Peking — The Cat in the Hat is going to China ... on television. And CBS is taking him there. Dr. Seuss cartoons (including the Cat), ''60 Minutes,'' and NCAA football will all be coming into Chinese living rooms starting December. And if their current penchant for adventure shows is any indication, the Chinese are likely to welcome the CBS offerings with open arms.
On Sunday evenings last spring, for instance, the streets of China's major cities were reportedly almost empty when Chinese television aired ''Huo Yuan Jia ,'' a popular series about a heroic Kung Fu-style boxer.
The most popular programs on China's two national TV channels, says a spokesman for the central network in Peking, are the news, weekend cultural fare , Chinese operas, sports, and public-service items.
Glancing over the options for the week of July 15 in the Peking area, a TV viewer would find mostly cultural and educational programs on three channels (two national and one local). The main national channel offers 70 hours of mostly evening viewing with a heavy dose of Chinese plays, operas, and music. The 15 hours of educational programs include science lessons and language training - especially the popular English lesson ''Follow Me'' which appears each night for 30 minutes.
On Sunday afternoon, English-speaking viewers could have enjoyed the BBC production of Tolstoy's ''Anna Karenina.''
Dramatizations of Western literature also have been aired with dubbed-in Chinese. Recent feature films have come from Romania, Japan, Hong Kong, North Korea, Mexico, Sweden, and the Soviet Union.
Children's programs include cartoons, some from Japan, and a popular daily puppet show. Soccer matches lead sports coverage this summer, but also basketball, volleyball, and gymnastics are hits with young adult audiences. There will reportedly be several hours of coverage each day of the Olympics in Los Angeles.
China's 10-minute public-service items cover a range of topics from ''how to select a refrigerator'' - an item still too expensive for most households - and ''how to choose appropriate summer clothing,'' to ''what to pay attention to when eating watermelon.''
Notably lacking from Chinese television is strictly political programming. Chinese radio programs, on the other hand, devote considerable time to information and lectures relevant to the weekly political study sessions Chinese workers are required to attend.
China's television audience is mainly in the urban areas, especially the belt of coastal cities - Peking, Tianjin, Shanghai, Nanjing, Guangzhou. The State Statistical Bureau says there are some 40 million TV sets in the country, with 83 percent of urban households and 4 percent of rural households owning sets as of 1983.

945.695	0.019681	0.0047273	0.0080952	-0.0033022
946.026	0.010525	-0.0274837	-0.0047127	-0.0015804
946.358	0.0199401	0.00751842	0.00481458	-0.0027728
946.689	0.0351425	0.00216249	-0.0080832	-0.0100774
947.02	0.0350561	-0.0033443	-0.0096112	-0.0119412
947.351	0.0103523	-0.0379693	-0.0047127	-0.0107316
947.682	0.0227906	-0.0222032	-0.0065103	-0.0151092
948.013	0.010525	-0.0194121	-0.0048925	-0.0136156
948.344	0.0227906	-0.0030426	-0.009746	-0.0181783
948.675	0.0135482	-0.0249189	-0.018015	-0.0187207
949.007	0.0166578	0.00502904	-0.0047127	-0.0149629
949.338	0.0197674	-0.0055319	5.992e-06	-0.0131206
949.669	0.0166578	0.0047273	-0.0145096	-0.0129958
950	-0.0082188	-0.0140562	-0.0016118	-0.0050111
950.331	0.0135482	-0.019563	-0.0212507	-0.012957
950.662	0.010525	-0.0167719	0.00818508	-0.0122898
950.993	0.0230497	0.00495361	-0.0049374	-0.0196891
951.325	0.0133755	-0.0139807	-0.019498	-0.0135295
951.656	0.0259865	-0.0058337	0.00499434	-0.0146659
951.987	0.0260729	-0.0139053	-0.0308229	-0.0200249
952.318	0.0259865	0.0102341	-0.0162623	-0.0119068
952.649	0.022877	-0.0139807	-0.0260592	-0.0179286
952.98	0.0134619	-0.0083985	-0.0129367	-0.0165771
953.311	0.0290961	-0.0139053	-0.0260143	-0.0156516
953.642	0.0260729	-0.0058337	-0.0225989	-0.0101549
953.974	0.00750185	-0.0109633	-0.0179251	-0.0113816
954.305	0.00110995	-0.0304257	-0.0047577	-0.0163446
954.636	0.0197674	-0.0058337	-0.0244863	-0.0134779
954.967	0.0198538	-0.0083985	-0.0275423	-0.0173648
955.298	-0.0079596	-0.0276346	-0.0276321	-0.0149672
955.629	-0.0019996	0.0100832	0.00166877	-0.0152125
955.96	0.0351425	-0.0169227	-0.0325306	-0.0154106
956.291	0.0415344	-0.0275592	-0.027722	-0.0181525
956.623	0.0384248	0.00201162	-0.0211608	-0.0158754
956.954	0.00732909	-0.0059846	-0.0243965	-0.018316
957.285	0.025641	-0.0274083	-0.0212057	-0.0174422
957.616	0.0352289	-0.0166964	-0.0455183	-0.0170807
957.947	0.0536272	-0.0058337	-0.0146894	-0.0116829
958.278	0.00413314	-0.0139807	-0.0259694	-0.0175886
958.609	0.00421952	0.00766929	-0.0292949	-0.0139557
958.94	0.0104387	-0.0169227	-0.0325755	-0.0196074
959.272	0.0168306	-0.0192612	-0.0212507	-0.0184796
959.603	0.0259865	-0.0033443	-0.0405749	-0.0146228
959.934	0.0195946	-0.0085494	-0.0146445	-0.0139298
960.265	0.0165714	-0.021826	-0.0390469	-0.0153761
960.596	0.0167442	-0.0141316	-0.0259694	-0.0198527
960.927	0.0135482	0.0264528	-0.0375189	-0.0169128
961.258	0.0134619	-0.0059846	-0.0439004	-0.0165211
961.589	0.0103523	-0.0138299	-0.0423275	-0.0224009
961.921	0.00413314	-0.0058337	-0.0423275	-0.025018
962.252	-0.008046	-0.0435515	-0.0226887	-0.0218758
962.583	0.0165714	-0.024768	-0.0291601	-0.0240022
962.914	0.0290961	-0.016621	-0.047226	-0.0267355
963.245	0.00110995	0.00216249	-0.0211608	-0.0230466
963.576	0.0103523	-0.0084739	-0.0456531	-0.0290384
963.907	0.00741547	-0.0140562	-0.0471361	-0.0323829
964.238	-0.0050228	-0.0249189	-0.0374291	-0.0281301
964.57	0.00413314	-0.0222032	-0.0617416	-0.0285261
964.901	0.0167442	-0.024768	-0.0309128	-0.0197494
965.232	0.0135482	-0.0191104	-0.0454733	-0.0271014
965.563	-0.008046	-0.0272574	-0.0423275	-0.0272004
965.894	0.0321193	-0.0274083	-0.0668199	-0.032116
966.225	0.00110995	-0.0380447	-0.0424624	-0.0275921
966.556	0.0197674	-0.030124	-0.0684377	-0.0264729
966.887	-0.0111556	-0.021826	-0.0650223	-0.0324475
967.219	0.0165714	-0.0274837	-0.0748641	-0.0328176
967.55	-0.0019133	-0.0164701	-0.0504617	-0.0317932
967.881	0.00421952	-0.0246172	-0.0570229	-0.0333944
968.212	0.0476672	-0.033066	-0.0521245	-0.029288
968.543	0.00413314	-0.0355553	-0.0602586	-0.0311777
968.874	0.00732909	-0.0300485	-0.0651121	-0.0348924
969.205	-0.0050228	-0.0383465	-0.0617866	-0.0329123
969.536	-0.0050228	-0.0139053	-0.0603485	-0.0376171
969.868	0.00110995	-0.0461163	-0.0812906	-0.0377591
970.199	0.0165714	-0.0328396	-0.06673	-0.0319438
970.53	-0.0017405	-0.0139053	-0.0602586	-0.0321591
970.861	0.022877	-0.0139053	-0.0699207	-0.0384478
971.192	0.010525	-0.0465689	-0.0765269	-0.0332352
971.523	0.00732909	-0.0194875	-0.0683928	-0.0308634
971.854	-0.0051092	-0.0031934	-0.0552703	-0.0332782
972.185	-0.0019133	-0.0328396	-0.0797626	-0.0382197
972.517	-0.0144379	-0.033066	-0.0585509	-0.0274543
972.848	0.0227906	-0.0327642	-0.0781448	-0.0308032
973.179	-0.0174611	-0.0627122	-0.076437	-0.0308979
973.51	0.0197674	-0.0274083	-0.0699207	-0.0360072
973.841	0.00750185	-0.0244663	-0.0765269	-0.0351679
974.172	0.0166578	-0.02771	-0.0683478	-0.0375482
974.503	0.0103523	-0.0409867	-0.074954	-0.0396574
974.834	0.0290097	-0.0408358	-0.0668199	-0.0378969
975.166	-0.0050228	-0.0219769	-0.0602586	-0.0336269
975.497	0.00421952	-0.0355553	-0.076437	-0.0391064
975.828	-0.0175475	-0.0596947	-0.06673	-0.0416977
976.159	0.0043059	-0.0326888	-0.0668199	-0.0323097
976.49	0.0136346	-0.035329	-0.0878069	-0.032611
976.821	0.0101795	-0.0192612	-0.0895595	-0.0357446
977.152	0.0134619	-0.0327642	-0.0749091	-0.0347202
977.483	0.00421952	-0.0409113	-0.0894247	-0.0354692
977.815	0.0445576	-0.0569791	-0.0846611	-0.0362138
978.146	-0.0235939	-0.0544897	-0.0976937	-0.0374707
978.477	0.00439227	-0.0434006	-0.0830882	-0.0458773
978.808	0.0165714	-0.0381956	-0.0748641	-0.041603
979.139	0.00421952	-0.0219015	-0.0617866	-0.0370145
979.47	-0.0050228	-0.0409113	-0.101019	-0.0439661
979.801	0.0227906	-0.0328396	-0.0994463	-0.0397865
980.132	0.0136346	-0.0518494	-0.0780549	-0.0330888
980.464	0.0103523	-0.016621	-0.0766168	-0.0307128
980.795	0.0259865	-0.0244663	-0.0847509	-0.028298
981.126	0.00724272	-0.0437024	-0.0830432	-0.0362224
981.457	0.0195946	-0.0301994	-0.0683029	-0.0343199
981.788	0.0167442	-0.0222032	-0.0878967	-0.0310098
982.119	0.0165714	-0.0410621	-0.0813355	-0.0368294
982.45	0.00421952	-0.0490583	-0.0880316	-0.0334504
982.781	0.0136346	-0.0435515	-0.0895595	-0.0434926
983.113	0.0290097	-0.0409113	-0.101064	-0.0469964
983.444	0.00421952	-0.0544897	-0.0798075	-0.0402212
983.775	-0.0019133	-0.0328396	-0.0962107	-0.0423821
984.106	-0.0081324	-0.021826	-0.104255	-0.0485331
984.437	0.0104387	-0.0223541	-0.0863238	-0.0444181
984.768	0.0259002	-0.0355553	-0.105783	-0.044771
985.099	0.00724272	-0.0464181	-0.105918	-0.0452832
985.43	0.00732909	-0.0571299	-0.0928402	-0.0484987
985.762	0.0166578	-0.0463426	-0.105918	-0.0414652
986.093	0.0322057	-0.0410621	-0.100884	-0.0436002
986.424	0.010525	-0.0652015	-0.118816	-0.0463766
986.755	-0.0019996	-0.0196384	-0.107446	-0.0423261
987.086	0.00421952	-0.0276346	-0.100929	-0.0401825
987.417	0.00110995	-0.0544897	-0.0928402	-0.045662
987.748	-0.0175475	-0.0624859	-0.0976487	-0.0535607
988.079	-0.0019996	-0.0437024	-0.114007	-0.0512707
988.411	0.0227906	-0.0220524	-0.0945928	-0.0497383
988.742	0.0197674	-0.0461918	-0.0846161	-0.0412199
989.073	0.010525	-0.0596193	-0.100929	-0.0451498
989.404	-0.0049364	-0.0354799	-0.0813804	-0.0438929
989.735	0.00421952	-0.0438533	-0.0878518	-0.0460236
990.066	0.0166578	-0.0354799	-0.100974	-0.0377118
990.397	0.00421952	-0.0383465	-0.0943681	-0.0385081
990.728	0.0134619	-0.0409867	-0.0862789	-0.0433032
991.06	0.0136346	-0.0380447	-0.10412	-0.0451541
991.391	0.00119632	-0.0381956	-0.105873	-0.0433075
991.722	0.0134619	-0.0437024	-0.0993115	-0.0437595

Arthur Unger reports from New York:
In a formal ceremony staged at CBS headquarters in New York, China Central Television (CCTV) and CBS signed a contract Thursday which will bring CBS programs to China's TV screens.
The CCTV delegation wore the uniform of Madison Avenue - gray business suits - as they signed the agreement which calls for 64 hours of prime-time programming to be broadcast with five minutes of commercial interruptions in each hour.
CBS/Broadcast Group Worldwide Enterprises estimates that advertisers will be multinational companies selling such products as soft drinks, cosmetics, transportation equipment, and computers. Each of the 10 advertisers will pay $ 300,000 a year for 320 minutes, with no choice of programs into which they will be inserted, since all commercials will be rotated.
CCTV is paying no money for the programming; they will share the advertising revenue with CBS. Neither side would reveal the actual percentage split.
The Chinese delegation which selected the programs did not have the option of choosing any of the more violent or sexually oriented programs on CBS since ''The Dukes of Hazzard,'' ''Dallas,'' and ''Falcon Crest'' are not actually the property of CBS.
The Chinese selected NBA basketball, NCAA football, and Rangers ice hockey to help the Chinese people understand Americans better. Other shows chosen by the Chinese include Dr. Seuss, ''60 Minutes,'' selections from ''Charles Kuralt on the Road,'' ''Count Basie in Concert,'' and Walter Cronkite's ''Universe.''